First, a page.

Like I said, it’s hard for me to focus on the music when it’s just the DJs so I was wondering around trying to catch a buzz with the $10 beer in hand and attempting to get in the right frame of mind to dance into that puddle I was talking about.  The Banana Mafia was out in full force greeting what appeared to be half the venue who had come under his list.  He brought the energy, he brought in the dancers.  I appreciated that!  However, this Mafia member was without his Banana Suit?  Is that even allowed?  Am I supposed to be outing him over the internet?  Opps.  Either way, he raged all over that dance floor, as well as his friends, and we all had a blast together!!

D.V.S. was up next, his real name being Derek VanScoten.  Where as Jeff Bujak uses a piano to layer on top of his electronic beats, D.V.S. uses a Telecaster guitar.  I stopped my mingling and started focusing on D.V.S..  His music mixed Hip-hop, Soul and even Motown.  He sampled Jimi Hendrix‘s “Foxy Lady” and raged a great guitar during his samples.  He has recently toured as a solo artist supporting Ana Sia, Big Gigantic, Beats Antique, Boombox, Lynx & Janover, JFJO, and M80 Dubstation.  Honestly, not sure if I cared for him that much.  It didn’t do anything for me.

Jeff Bujak @ Club Love

Jeff Bujak @ Club Love

Let’s talk about Jeff Bujak, the man of the hour!  Duuuuude.  Having just discovered him earlier this summer at Rock The Resort, I was VERY eager to see him again live.  Jeff Bujak is a true musician.  A truly technically talented piano player who, from the moment I stepped foot into his performance at RTR, has had me hooked.  To me, when I listen to his music at home, Jeff reminds me of a mix between Tori Amos and Bruce Hornsby. I could come up with a ton of combination but seriously, his music is beautiful and quirky and demanding with organized chaos and it is all his own! He has coined his music “Intelligent Dance Music.”  Intriguing, no?

Jeff Bujak @ Club Love

Jeff Bujak @ Club Love

Jeff comes armed with everything needed to run his one-man show including light, sound, and smoke.  Cables and pedals everywhere, there is a laptop, a sound deck and his dual level keyboard at the helm of his personal electronic monster.  There is a row of lights above his left shoulder flashing us the light show in various colors and mixed to rage with the beat. His shoes were off and the show began.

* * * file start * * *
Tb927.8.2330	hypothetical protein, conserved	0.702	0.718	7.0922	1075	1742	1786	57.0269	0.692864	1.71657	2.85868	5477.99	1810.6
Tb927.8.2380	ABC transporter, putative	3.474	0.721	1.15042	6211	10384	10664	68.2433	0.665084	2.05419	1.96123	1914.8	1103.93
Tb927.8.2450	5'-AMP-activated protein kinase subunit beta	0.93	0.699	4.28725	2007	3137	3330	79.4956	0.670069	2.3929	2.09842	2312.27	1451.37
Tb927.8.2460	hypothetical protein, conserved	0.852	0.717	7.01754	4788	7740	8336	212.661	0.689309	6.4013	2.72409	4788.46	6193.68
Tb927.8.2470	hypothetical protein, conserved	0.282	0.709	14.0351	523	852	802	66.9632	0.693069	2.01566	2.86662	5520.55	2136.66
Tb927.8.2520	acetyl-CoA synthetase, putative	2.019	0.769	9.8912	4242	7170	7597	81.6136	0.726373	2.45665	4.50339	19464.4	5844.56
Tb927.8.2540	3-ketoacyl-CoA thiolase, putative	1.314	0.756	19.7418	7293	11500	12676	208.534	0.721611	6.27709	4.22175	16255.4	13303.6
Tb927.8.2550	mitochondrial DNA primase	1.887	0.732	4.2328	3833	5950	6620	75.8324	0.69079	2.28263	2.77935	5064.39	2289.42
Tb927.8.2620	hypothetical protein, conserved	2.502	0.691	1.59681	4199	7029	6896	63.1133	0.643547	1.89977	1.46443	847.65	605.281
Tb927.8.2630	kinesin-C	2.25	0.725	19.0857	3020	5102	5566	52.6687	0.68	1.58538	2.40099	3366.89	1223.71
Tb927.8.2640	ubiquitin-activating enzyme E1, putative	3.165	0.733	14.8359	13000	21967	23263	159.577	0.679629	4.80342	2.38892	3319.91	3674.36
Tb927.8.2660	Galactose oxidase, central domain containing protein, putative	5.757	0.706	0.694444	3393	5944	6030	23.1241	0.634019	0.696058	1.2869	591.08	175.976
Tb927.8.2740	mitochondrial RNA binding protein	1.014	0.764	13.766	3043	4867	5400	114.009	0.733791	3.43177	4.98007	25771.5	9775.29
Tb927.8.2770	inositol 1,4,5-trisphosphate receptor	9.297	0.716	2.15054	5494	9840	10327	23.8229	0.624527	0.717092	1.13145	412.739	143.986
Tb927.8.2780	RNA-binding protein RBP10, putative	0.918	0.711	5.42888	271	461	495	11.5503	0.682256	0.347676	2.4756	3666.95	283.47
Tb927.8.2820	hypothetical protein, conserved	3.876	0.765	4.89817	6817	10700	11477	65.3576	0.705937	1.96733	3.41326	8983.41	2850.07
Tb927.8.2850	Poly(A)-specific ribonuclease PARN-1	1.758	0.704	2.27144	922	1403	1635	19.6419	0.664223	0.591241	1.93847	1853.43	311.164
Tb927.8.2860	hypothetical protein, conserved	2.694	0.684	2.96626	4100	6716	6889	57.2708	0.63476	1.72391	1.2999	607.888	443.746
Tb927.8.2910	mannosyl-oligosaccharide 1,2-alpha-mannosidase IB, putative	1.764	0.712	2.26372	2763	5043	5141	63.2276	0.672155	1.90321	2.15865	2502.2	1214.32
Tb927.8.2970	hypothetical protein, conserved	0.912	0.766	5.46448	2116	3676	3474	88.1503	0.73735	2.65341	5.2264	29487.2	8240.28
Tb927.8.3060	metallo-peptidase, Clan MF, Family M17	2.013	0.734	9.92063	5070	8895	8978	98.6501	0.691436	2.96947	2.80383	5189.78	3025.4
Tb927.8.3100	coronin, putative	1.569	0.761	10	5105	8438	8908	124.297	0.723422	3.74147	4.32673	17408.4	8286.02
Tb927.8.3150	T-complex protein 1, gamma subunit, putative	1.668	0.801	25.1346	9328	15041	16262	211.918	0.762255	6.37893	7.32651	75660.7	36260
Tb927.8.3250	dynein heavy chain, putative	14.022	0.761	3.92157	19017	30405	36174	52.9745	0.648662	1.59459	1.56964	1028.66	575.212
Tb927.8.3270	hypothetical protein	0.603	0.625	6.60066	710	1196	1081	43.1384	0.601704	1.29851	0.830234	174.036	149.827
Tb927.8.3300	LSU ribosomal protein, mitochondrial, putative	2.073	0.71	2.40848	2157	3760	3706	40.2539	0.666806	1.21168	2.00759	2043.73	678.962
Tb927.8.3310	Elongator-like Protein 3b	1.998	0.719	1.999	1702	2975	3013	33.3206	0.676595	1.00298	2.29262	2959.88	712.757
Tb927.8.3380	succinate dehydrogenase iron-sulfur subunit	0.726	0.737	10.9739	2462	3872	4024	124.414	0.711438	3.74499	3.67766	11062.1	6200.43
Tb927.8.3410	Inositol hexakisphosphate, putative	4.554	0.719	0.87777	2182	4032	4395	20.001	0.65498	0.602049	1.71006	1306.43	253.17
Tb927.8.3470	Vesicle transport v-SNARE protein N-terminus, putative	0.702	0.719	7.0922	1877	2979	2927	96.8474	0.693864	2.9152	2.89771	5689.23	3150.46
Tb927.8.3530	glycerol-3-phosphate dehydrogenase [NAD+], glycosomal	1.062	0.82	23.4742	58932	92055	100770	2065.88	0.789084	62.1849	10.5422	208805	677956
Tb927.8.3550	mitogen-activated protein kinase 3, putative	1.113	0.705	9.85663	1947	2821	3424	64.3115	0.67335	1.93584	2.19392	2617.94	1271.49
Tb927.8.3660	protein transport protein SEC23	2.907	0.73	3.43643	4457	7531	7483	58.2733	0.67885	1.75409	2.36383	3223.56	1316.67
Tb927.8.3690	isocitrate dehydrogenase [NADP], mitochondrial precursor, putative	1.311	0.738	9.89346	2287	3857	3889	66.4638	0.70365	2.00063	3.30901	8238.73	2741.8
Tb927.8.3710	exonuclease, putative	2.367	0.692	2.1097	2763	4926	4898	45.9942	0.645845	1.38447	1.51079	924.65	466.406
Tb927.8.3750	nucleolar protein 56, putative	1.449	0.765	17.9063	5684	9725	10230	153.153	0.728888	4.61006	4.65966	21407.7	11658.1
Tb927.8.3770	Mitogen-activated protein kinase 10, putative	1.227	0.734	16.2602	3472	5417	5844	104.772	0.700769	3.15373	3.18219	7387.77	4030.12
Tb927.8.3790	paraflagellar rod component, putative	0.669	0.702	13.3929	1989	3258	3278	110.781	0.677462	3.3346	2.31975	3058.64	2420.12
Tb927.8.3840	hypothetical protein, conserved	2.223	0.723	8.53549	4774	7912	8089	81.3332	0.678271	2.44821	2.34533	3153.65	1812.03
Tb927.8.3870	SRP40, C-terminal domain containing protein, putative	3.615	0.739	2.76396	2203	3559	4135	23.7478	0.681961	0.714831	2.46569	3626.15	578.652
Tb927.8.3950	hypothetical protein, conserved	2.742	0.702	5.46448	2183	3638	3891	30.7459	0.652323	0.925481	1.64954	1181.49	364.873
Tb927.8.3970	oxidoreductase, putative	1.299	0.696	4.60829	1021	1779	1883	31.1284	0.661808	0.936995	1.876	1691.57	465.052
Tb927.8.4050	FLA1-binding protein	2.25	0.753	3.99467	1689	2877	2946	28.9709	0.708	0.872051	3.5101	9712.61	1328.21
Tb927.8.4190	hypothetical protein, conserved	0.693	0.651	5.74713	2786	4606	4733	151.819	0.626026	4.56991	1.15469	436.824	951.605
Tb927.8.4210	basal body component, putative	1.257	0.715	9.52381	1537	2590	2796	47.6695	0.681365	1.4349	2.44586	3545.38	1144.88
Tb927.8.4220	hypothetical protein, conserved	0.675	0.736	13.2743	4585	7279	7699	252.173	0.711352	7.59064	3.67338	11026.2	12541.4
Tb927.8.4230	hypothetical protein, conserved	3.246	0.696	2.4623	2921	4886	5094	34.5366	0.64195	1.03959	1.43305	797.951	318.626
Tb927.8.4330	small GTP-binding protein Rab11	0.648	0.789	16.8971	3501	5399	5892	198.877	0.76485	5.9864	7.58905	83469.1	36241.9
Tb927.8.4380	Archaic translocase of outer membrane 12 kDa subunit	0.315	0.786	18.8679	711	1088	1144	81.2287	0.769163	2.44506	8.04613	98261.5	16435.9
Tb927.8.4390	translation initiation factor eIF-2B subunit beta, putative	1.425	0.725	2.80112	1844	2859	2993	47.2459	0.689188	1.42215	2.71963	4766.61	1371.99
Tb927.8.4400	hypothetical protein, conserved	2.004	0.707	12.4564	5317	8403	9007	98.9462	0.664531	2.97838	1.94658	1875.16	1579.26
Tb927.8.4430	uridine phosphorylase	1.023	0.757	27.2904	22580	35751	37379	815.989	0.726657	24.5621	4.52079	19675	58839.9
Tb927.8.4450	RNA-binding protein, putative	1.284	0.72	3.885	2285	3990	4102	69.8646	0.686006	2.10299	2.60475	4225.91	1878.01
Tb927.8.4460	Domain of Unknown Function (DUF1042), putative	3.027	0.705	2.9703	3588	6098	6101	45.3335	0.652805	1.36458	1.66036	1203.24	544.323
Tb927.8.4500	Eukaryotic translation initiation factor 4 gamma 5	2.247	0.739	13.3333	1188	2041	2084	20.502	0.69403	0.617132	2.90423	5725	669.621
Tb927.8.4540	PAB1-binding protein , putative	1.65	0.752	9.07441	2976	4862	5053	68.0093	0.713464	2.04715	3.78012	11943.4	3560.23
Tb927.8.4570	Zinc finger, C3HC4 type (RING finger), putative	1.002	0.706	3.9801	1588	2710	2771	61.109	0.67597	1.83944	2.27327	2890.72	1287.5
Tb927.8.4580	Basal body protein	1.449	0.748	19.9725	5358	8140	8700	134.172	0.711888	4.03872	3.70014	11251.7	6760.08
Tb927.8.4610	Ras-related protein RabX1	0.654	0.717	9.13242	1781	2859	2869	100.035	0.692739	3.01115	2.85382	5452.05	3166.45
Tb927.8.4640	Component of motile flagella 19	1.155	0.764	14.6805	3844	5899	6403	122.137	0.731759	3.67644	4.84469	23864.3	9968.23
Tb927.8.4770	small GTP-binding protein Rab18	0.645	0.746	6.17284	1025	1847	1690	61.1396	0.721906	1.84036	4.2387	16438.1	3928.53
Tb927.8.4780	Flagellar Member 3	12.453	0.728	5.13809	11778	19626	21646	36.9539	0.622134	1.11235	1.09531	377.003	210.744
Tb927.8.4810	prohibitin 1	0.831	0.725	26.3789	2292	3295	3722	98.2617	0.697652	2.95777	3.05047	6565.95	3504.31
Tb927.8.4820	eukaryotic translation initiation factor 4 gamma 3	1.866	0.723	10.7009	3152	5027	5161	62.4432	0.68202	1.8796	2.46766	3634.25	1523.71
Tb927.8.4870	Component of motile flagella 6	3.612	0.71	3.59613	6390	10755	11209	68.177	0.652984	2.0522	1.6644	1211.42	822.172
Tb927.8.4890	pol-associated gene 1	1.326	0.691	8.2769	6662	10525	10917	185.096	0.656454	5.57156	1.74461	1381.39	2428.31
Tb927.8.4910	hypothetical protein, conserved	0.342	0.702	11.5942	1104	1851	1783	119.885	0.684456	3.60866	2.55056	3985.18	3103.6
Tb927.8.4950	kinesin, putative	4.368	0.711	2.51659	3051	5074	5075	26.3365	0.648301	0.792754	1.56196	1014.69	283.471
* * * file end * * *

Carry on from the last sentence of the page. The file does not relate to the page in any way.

The set list:

SET 1
Utopia > Kicker > Crowd > Machinist > Slimmy > Cascadation > Sunny’s Song* > PUTV > Mutator

* written by Benevento-Russo Duo (section of)

Jeff Bujak @ Club Love

Jeff Bujak @ Club Love

Utopia got it started with a synthesizer drop and a deep beat. Very quickly the layering of faster beats were released and right away it was a dance party.  His songs have catchy samples, this one, sampling Cake’s The Distance by using the lyrics “Reluctantly crouched at the starting line…”  After a while, amid the heavy beat of smashing cymbals, I feel a reggae vibe that quickly turns back into a deep electronic beat.

Kicker into Crowd brought us the classical, straight out gorgeous technical chamber piano skills that I adore him for.  These gorgeous notes layer over the rest of the dance worthy beats.  They are hit hard, there are sounds of electric guitars playing but I know that is Bujak manipulating the keys.  The sequenced drum loops made it sound like the drummer was in the room with us at times.  Then we got a little more of the pure keys, nothing manipulated, just beautiful piano sounds.  It’s a gorgeous mixture of electronic and organic.  I mean, there is just GORGEOUS composition amongst his hectic beats.

So, being that I am a romantic female, I found it to be just lovely music and I was pleased to see mainly men in that basement dancing.  In reality, I wondered if these wookies heard what I heard.  They were certainly dancing to the beats but I wonder if they realized just how good he sounded in that basement.  Club Love is rumored as having one of the best sound systems, so perhaps that helped.  There are parts of the songs that got so slow and so sensual.  Preferring to be a stand alone dancer at most shows I attend, it was my pleasure to dance intelligently with some dudes that night to this intelligent music.  A real pleasure. 😉